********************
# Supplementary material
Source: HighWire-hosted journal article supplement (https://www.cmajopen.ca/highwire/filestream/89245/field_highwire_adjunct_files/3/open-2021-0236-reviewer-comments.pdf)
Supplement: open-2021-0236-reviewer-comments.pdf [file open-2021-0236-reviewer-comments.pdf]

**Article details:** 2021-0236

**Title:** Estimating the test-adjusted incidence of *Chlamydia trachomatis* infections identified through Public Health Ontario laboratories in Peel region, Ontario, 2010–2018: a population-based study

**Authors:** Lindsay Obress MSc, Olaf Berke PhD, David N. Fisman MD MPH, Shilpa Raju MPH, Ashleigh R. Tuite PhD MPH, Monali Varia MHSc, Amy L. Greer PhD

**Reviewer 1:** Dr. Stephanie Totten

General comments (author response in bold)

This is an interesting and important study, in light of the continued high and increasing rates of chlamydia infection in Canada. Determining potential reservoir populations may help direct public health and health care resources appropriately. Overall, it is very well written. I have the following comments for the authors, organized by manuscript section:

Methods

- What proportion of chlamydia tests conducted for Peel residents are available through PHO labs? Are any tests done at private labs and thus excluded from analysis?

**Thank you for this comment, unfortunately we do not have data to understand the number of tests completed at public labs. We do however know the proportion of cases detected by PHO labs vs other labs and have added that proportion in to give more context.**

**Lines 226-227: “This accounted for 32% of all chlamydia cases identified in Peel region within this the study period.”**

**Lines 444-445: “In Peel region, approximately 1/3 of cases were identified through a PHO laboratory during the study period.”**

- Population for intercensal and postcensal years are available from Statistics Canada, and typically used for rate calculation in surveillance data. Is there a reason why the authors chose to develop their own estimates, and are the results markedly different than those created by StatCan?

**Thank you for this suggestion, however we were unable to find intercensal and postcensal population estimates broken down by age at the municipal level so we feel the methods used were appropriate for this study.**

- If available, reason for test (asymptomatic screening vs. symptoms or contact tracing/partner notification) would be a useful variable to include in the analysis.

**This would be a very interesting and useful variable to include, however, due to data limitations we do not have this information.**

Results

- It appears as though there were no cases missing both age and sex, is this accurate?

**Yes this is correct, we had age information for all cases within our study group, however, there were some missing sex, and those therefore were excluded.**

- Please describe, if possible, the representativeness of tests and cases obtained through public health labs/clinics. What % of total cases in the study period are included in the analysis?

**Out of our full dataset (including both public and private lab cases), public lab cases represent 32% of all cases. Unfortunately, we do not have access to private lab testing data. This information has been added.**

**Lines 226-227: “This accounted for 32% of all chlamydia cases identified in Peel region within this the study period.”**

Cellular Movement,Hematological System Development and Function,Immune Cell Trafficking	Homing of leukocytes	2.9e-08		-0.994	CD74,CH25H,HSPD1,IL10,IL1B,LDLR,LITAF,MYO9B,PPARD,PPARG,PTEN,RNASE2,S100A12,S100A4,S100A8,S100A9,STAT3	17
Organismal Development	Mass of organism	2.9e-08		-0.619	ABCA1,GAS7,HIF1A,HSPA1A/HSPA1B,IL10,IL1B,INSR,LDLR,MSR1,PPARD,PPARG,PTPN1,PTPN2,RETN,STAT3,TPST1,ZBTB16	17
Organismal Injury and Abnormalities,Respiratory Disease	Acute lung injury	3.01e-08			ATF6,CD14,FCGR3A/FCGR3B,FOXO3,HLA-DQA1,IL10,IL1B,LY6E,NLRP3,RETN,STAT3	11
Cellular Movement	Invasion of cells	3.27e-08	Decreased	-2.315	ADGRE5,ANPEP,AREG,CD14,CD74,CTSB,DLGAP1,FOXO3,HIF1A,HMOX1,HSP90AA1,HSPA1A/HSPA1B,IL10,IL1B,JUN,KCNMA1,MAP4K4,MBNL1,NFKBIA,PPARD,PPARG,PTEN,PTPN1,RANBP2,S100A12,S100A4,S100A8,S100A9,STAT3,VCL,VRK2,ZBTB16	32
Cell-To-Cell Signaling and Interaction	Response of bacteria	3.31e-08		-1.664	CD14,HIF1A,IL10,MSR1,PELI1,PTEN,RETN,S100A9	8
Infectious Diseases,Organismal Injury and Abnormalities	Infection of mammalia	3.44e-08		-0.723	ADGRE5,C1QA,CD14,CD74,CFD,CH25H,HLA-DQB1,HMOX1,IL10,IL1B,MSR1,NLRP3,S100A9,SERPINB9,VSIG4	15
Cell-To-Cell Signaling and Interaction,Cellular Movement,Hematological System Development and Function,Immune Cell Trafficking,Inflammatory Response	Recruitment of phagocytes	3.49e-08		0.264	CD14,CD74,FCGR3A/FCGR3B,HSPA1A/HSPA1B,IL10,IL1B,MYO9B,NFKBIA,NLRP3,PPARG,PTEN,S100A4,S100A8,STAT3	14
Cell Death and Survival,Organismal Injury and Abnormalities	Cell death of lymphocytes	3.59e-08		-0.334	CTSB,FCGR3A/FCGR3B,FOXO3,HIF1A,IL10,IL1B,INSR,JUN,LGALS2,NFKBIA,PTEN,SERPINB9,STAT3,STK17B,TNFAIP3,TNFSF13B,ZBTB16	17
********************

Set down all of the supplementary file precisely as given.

# Supplementary material
Source: HighWire-hosted journal article supplement (https://www.cmajopen.ca/highwire/filestream/89245/field_highwire_adjunct_files/3/open-2021-0236-reviewer-comments.pdf)
Supplement: open-2021-0236-reviewer-comments.pdf [file open-2021-0236-reviewer-comments.pdf]

**Article details:** 2021-0236

**Title:** Estimating the test-adjusted incidence of *Chlamydia trachomatis* infections identified through Public Health Ontario laboratories in Peel region, Ontario, 2010–2018: a population-based study

**Authors:** Lindsay Obress MSc, Olaf Berke PhD, David N. Fisman MD MPH, Shilpa Raju MPH, Ashleigh R. Tuite PhD MPH, Monali Varia MHSc, Amy L. Greer PhD

**Reviewer 1:** Dr. Stephanie Totten

General comments (author response in bold)

This is an interesting and important study, in light of the continued high and increasing rates of chlamydia infection in Canada. Determining potential reservoir populations may help direct public health and health care resources appropriately. Overall, it is very well written. I have the following comments for the authors, organized by manuscript section:

Methods

- What proportion of chlamydia tests conducted for Peel residents are available through PHO labs? Are any tests done at private labs and thus excluded from analysis?

**Thank you for this comment, unfortunately we do not have data to understand the number of tests completed at public labs. We do however know the proportion of cases detected by PHO labs vs other labs and have added that proportion in to give more context.**

**Lines 226-227: “This accounted for 32% of all chlamydia cases identified in Peel region within this the study period.”**

**Lines 444-445: “In Peel region, approximately 1/3 of cases were identified through a PHO laboratory during the study period.”**

- Population for intercensal and postcensal years are available from Statistics Canada, and typically used for rate calculation in surveillance data. Is there a reason why the authors chose to develop their own estimates, and are the results markedly different than those created by StatCan?

**Thank you for this suggestion, however we were unable to find intercensal and postcensal population estimates broken down by age at the municipal level so we feel the methods used were appropriate for this study.**

- If available, reason for test (asymptomatic screening vs. symptoms or contact tracing/partner notification) would be a useful variable to include in the analysis.

**This would be a very interesting and useful variable to include, however, due to data limitations we do not have this information.**

Results

- It appears as though there were no cases missing both age and sex, is this accurate?

**Yes this is correct, we had age information for all cases within our study group, however, there were some missing sex, and those therefore were excluded.**

- Please describe, if possible, the representativeness of tests and cases obtained through public health labs/clinics. What % of total cases in the study period are included in the analysis?

**Out of our full dataset (including both public and private lab cases), public lab cases represent 32% of all cases. Unfortunately, we do not have access to private lab testing data. This information has been added.**

**Lines 226-227: “This accounted for 32% of all chlamydia cases identified in Peel region within this the study period.”**

Cellular Movement,Hematological System Development and Function,Immune Cell Trafficking	Homing of leukocytes	2.9e-08		-0.994	CD74,CH25H,HSPD1,IL10,IL1B,LDLR,LITAF,MYO9B,PPARD,PPARG,PTEN,RNASE2,S100A12,S100A4,S100A8,S100A9,STAT3	17
Organismal Development	Mass of organism	2.9e-08		-0.619	ABCA1,GAS7,HIF1A,HSPA1A/HSPA1B,IL10,IL1B,INSR,LDLR,MSR1,PPARD,PPARG,PTPN1,PTPN2,RETN,STAT3,TPST1,ZBTB16	17
Organismal Injury and Abnormalities,Respiratory Disease	Acute lung injury	3.01e-08			ATF6,CD14,FCGR3A/FCGR3B,FOXO3,HLA-DQA1,IL10,IL1B,LY6E,NLRP3,RETN,STAT3	11
Cellular Movement	Invasion of cells	3.27e-08	Decreased	-2.315	ADGRE5,ANPEP,AREG,CD14,CD74,CTSB,DLGAP1,FOXO3,HIF1A,HMOX1,HSP90AA1,HSPA1A/HSPA1B,IL10,IL1B,JUN,KCNMA1,MAP4K4,MBNL1,NFKBIA,PPARD,PPARG,PTEN,PTPN1,RANBP2,S100A12,S100A4,S100A8,S100A9,STAT3,VCL,VRK2,ZBTB16	32
Cell-To-Cell Signaling and Interaction	Response of bacteria	3.31e-08		-1.664	CD14,HIF1A,IL10,MSR1,PELI1,PTEN,RETN,S100A9	8
Infectious Diseases,Organismal Injury and Abnormalities	Infection of mammalia	3.44e-08		-0.723	ADGRE5,C1QA,CD14,CD74,CFD,CH25H,HLA-DQB1,HMOX1,IL10,IL1B,MSR1,NLRP3,S100A9,SERPINB9,VSIG4	15
Cell-To-Cell Signaling and Interaction,Cellular Movement,Hematological System Development and Function,Immune Cell Trafficking,Inflammatory Response	Recruitment of phagocytes	3.49e-08		0.264	CD14,CD74,FCGR3A/FCGR3B,HSPA1A/HSPA1B,IL10,IL1B,MYO9B,NFKBIA,NLRP3,PPARG,PTEN,S100A4,S100A8,STAT3	14
Cell Death and Survival,Organismal Injury and Abnormalities	Cell death of lymphocytes	3.59e-08		-0.334	CTSB,FCGR3A/FCGR3B,FOXO3,HIF1A,IL10,IL1B,INSR,JUN,LGALS2,NFKBIA,PTEN,SERPINB9,STAT3,STK17B,TNFAIP3,TNFSF13B,ZBTB16	17